Written by Michael Frank
Every few years, a book comes along that everyone reads. Every book club picks it as a must-do, and it becomes a cultural capstone. Books like The Girl With The Dragon Tattoo and The Road become shoe-ins to be adapted into films. One of these books was Donna Tartt’s The Goldfinch.
The book nears 800 pages, winning the Pulitzer Prize and several other “Book of the Year” awards across publications and organizations. It polarized critics and audiences alike, becoming a source of dinner table conversation in the end of 2013 and through 2014. With a book of that magnitude, there are sure to be aspects that need to be cut down or even completely nixed for the film adaptation. Peter Straughan took the task of writing the script, and John Crowley wrestled with directing that manuscript.
The result? A bit of a jumble. Though the performances range from committed to some mail-ins, well-known actors abound in Crowley’s film. The film jumps back and forth between the childhood (Oakes Fegley) and adult life (Ansel Elgort) of Theo Decker, a man who witnessed the tragic death of his mother early in life and then preceded to steal the famous painting depicting the goldfinch. During the story, we witness abuse by his father, lots of drug usage with his Russian friend Boris, and a couple love interests.
There is no heart in The Goldfinch. The background given on these characters feels weightless, without rhyme or reason, leading to a lack of interest in whether they succeed or in most cases, whether they fail. The film lacks excitement and any necessity, existing as a beautiful piece of filmmaking without any reason to keep watching. Elgort gives a worthwhile performance and the child actors contribute heavily to the film’s watchability. Nicole Kidman’s role as foster mother and Jeffrey Wight’s performance as stand-in father are too small to make an impact, and even Luke Wilson comes off as a waste of talent.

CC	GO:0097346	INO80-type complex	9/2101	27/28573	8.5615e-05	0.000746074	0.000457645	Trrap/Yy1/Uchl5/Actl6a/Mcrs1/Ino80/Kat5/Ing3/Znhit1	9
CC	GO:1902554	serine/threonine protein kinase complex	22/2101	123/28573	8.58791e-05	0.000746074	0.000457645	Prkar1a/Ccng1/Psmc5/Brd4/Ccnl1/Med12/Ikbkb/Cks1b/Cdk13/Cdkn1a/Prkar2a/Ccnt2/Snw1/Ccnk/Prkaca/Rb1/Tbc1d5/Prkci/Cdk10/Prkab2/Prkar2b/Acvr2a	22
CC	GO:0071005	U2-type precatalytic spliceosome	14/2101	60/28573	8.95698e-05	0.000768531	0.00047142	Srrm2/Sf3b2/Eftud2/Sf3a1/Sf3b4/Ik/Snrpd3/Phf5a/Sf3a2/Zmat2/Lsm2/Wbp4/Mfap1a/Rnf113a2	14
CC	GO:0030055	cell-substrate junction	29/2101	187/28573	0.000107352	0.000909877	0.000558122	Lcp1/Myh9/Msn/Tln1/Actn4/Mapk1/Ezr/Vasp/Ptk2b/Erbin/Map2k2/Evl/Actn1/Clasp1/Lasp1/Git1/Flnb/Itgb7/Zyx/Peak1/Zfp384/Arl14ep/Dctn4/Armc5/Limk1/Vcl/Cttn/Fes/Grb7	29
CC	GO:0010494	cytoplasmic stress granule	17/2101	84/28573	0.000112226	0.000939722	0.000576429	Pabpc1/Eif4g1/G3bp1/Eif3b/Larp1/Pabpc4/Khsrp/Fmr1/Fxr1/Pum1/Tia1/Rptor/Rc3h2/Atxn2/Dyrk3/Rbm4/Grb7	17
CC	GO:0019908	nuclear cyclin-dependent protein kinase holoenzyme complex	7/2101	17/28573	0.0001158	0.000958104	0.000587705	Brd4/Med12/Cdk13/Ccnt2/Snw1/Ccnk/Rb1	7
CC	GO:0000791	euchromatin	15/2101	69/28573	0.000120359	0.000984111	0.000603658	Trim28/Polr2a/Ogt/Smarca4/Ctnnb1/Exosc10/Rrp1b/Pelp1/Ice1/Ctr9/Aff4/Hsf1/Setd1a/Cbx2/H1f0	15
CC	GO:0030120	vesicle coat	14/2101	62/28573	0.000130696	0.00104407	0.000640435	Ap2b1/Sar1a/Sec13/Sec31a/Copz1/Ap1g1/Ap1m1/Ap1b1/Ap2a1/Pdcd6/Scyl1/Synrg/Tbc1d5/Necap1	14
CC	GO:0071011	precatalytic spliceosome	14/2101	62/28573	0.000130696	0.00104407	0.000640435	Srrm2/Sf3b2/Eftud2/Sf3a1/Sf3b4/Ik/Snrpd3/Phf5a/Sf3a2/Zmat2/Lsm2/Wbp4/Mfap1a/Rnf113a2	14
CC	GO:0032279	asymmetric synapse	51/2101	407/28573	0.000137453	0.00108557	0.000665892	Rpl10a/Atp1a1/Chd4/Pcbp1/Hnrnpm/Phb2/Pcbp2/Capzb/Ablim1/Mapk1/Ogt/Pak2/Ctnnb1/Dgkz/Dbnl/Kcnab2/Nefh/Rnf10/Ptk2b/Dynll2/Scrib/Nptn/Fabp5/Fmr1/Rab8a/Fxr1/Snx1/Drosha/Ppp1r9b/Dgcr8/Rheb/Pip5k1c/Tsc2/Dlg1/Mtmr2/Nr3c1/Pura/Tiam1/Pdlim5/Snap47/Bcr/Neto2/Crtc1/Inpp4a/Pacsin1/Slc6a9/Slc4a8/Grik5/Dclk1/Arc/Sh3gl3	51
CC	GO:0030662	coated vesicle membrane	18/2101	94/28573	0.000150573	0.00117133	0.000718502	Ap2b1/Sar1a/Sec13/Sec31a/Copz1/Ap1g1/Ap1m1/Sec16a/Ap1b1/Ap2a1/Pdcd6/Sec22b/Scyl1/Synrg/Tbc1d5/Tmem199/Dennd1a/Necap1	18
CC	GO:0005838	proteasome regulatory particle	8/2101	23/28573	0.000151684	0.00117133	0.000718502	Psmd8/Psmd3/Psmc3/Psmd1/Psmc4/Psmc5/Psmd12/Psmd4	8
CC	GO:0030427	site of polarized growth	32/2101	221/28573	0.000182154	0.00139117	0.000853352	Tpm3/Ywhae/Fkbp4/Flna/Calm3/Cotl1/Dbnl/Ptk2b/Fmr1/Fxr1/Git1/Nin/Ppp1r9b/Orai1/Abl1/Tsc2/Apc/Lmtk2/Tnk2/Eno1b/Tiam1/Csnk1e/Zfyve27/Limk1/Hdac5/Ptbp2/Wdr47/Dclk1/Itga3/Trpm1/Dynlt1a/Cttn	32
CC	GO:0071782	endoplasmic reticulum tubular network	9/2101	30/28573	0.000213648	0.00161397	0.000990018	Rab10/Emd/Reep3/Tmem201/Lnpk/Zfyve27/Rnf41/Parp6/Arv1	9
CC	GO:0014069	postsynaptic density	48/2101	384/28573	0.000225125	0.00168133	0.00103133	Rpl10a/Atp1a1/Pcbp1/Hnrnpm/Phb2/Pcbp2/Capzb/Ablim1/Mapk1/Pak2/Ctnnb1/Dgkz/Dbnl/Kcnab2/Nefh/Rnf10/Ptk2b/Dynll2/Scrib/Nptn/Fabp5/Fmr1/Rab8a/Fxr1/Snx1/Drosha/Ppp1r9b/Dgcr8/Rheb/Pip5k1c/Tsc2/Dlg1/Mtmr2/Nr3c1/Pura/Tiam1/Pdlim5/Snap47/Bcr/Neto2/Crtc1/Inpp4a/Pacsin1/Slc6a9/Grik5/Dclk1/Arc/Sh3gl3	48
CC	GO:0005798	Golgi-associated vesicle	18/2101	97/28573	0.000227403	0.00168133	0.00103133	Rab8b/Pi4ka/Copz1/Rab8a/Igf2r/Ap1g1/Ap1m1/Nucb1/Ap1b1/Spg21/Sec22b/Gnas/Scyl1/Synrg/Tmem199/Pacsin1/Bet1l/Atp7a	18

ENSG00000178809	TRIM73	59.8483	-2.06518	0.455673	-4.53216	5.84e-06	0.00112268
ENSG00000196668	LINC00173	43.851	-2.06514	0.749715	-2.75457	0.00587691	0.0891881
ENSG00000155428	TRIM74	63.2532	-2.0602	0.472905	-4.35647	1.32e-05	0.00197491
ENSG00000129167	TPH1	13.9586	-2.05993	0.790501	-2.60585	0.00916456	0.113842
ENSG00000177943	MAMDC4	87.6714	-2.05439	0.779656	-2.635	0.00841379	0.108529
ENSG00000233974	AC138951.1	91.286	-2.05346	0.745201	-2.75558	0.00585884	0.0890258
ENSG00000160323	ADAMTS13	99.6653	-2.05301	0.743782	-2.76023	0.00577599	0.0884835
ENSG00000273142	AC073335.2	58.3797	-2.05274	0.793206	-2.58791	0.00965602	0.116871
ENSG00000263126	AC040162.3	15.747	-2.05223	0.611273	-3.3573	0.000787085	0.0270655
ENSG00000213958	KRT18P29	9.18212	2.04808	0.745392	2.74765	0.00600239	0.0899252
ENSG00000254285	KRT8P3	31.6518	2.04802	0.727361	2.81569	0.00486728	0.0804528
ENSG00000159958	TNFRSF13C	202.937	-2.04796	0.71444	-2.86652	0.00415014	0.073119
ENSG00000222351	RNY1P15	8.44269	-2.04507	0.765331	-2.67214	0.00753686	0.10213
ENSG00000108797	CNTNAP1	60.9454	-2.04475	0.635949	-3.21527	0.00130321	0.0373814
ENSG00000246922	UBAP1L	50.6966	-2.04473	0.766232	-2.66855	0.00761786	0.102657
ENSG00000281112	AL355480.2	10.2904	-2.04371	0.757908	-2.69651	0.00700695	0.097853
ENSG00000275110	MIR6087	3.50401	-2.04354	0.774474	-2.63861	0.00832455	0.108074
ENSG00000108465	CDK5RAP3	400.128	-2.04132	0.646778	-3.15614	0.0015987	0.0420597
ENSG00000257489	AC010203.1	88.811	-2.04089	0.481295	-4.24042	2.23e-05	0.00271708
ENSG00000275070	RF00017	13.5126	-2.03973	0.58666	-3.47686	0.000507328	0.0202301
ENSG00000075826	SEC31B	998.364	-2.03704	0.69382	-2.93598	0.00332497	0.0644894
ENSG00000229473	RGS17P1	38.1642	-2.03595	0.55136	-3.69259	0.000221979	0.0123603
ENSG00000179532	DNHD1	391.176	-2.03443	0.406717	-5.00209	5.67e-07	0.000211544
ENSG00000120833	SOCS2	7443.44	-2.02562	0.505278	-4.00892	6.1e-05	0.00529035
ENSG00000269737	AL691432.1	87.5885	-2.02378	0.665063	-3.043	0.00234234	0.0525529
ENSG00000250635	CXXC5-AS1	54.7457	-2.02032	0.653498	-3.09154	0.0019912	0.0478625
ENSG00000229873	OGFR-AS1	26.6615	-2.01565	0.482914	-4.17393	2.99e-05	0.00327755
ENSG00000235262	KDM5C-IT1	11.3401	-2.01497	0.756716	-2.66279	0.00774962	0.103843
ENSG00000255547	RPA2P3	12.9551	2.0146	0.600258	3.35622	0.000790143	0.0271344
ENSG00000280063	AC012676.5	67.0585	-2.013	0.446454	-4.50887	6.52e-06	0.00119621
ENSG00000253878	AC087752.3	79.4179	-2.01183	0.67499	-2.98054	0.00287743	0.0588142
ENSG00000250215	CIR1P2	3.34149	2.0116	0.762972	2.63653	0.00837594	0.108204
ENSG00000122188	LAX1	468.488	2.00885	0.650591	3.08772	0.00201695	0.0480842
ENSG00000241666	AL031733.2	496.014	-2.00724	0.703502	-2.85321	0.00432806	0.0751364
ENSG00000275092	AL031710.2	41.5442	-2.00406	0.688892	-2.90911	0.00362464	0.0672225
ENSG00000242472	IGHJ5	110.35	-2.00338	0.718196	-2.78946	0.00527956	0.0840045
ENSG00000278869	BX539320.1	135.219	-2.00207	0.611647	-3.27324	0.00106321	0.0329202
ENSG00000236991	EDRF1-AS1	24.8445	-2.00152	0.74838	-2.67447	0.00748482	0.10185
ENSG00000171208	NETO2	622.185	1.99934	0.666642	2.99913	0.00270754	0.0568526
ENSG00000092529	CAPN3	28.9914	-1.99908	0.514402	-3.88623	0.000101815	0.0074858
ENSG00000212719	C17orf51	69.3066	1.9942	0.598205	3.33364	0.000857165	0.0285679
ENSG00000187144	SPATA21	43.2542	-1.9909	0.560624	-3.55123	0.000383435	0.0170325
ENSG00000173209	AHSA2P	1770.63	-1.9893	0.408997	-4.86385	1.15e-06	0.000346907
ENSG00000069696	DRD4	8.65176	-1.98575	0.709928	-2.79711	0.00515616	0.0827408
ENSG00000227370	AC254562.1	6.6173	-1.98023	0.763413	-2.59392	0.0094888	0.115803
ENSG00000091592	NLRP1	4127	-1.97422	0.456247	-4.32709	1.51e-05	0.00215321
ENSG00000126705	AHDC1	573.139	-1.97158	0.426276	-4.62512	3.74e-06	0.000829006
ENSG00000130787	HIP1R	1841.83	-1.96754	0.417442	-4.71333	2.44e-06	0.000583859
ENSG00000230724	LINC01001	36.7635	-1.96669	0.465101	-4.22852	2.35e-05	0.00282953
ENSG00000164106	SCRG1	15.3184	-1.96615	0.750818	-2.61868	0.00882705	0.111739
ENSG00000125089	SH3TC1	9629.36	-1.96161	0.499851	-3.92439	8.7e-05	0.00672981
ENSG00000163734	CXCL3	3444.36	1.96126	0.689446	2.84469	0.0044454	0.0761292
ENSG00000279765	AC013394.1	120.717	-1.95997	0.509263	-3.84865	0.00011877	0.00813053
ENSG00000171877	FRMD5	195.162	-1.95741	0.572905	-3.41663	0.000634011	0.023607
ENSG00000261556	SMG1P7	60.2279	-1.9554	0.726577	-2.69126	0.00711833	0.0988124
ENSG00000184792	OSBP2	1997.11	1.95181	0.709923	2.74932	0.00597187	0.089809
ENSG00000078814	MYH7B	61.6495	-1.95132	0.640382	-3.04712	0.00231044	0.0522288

Roger Deakins continues his run of form, contributing to masterful cinematography of an impressively looking film. The script mucks up the story, though, not giving the characters room to breathe or interact with one another on a more in-depth scale. The conversations are unremarkable, and as the movie ends, you forget what actually happened. This doesn’t mean that the film is awful by any means, but rather it is void of excellence and must-see moments.
In terms of special features, The Goldfinch Blu-ray surprises with lots of interesting options. A short behind-the-scenes doc called The Goldfinch Unbound explores the script versus the book, with many of the actors talking about their love for the novel. It explores the casting of each character as well, which certainly deserves a watch. The short The Real Goldfinch looks into the painting itself, with all its mystery and history. To top it off, some deleted scenes are thrown in the mix, including a young Theo visiting a therapist, family time with the Barbours, the introduction of novel-related characters, and more time with Pippa.
All of these added features give you an extra incentive to explore the painting and the novel, but fail to enhance the movie by more than a hair. The film stays as a beautiful but messy underachievement of the book that deserved more assured direction.